Nieuws - 7 april 2011

Imares studies CO2 leaks into the sea

Carbon dioxide storage is not completely without risks. How does it affect marine life?

 Oil fields in the North Sea can be used for the storage of carbon dioxide.
At the Imares location in Den Helder, tens of white tanks filled with water are standing outside.
In six of these tanks, a disaster will take place a few weeks from now. CO2 is leaking systematically in the North Sea environment simulated within these tanks. This setup is the Netherlands' task in a big European research project (RISCS) concerning the risks of underground CO2 storage. Imares - Institute for Marine Resources and Ecosystem Studies - is in charge of the research area concerning the sea.

It's not that we expect leakages to happen, stresses Edwin Foekema, coordinator of this research experiment into the marine environment. 'The technique of injecting gas into the soil has been used for years for the storage of natural gas. It is a tried and tested technique, but you can't say for sure that the chance that something can go wrong is very slim to none. Even if chances are very small, it is still important to see what can happen and to take precautions. This is the big mistake in Barendrecht: by saying that there are no risks at all.'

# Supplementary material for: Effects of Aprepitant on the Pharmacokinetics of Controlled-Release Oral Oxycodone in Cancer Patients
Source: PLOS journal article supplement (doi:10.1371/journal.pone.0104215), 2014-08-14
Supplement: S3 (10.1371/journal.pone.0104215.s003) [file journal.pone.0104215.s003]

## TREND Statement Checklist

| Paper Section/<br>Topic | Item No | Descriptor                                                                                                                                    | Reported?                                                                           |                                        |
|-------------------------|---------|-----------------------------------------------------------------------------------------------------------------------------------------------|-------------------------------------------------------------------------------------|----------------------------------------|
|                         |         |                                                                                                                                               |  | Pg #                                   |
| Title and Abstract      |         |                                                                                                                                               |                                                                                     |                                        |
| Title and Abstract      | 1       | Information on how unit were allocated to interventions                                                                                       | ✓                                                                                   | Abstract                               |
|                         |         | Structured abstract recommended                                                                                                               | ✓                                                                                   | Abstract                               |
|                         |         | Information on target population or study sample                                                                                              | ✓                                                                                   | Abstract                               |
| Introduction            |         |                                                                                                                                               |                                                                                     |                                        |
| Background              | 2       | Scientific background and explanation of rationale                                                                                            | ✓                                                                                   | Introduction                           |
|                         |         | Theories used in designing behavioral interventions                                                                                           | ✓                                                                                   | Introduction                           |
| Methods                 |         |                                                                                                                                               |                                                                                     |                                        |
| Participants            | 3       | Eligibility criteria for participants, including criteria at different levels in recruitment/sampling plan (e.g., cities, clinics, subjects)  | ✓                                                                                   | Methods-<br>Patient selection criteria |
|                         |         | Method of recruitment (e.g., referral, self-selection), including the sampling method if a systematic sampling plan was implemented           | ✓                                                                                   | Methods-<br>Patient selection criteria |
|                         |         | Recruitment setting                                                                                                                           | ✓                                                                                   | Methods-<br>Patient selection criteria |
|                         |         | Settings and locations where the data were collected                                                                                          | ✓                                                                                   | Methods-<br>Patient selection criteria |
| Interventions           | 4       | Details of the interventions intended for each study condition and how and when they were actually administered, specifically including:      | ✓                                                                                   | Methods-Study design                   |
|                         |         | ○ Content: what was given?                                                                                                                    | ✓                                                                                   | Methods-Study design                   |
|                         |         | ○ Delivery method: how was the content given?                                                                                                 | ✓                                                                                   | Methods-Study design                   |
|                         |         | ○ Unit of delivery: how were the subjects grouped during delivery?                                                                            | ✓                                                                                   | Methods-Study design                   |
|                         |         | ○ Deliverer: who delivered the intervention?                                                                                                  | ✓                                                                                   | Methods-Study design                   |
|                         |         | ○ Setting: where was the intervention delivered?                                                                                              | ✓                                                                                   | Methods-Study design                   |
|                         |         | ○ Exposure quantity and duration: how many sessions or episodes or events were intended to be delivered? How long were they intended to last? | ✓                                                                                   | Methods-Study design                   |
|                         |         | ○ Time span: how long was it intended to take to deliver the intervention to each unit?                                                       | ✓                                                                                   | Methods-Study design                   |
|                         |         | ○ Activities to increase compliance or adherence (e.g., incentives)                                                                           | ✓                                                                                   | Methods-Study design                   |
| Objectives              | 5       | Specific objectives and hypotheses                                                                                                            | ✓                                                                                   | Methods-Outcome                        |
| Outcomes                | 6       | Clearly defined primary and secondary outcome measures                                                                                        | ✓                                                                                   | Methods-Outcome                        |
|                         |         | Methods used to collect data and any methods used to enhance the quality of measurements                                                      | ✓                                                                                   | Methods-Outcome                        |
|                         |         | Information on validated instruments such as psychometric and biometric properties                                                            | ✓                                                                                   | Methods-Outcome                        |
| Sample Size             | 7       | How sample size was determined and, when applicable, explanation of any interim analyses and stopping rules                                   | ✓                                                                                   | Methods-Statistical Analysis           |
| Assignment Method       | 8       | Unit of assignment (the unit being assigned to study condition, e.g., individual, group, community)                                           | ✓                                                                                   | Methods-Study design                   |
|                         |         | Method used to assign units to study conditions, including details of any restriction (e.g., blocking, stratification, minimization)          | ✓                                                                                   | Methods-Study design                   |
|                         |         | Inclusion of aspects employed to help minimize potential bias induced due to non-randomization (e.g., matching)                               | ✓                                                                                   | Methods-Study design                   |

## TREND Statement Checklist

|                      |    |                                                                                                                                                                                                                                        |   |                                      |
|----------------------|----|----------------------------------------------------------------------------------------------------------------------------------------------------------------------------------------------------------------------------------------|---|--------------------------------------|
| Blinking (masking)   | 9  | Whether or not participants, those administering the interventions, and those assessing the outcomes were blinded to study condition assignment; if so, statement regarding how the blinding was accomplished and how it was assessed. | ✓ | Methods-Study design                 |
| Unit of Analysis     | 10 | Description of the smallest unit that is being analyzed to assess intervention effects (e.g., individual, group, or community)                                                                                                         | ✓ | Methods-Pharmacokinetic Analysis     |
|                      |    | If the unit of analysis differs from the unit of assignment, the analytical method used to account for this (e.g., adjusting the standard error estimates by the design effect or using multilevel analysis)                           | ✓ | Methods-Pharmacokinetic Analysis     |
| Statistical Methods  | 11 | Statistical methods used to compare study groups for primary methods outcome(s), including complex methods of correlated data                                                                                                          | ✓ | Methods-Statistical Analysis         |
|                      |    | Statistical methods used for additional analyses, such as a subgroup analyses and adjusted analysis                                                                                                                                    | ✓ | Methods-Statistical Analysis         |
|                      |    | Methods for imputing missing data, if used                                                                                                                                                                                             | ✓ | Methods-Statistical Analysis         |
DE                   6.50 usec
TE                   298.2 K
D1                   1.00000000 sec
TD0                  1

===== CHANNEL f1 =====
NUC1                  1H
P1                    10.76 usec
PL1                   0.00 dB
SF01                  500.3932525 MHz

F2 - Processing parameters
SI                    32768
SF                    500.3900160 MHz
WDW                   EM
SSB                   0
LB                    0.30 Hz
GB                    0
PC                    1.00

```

Surprising effect
Imares allows as much CO2 leaks in the five-cubic-metres big tanks as is needed to create a very acidic environment. 'Normally, there is a pH of 8; we bring this down to 7, 7.5 and 6. That is really a lot and these scenarios are not realistic. But we want to be able to study the risks.' Foekema and his colleagues subsequently examine how the system responds to the injection. 'CO2 is a nutrient for algae, which will grow faster, provided that there are enough of other nutrients present. But algae die when the acidity is too high. Then again, others may benefit. The interaction can lead to a surprising effect.'

The experiment in Den Helder will last for two months. A follow-up may take place to examine how the system recovers when the leak stops. The final report of all European studies into CO2 storage will only be submitted next year. Underground storage, says Foekema, is actually only a 'temporary solution'. The search for sustainable energy supplies should go on without losing any momentum. 'We should not think that just because there are underground reserves of CO2, we can carry on burning fossil fuels like in the old days.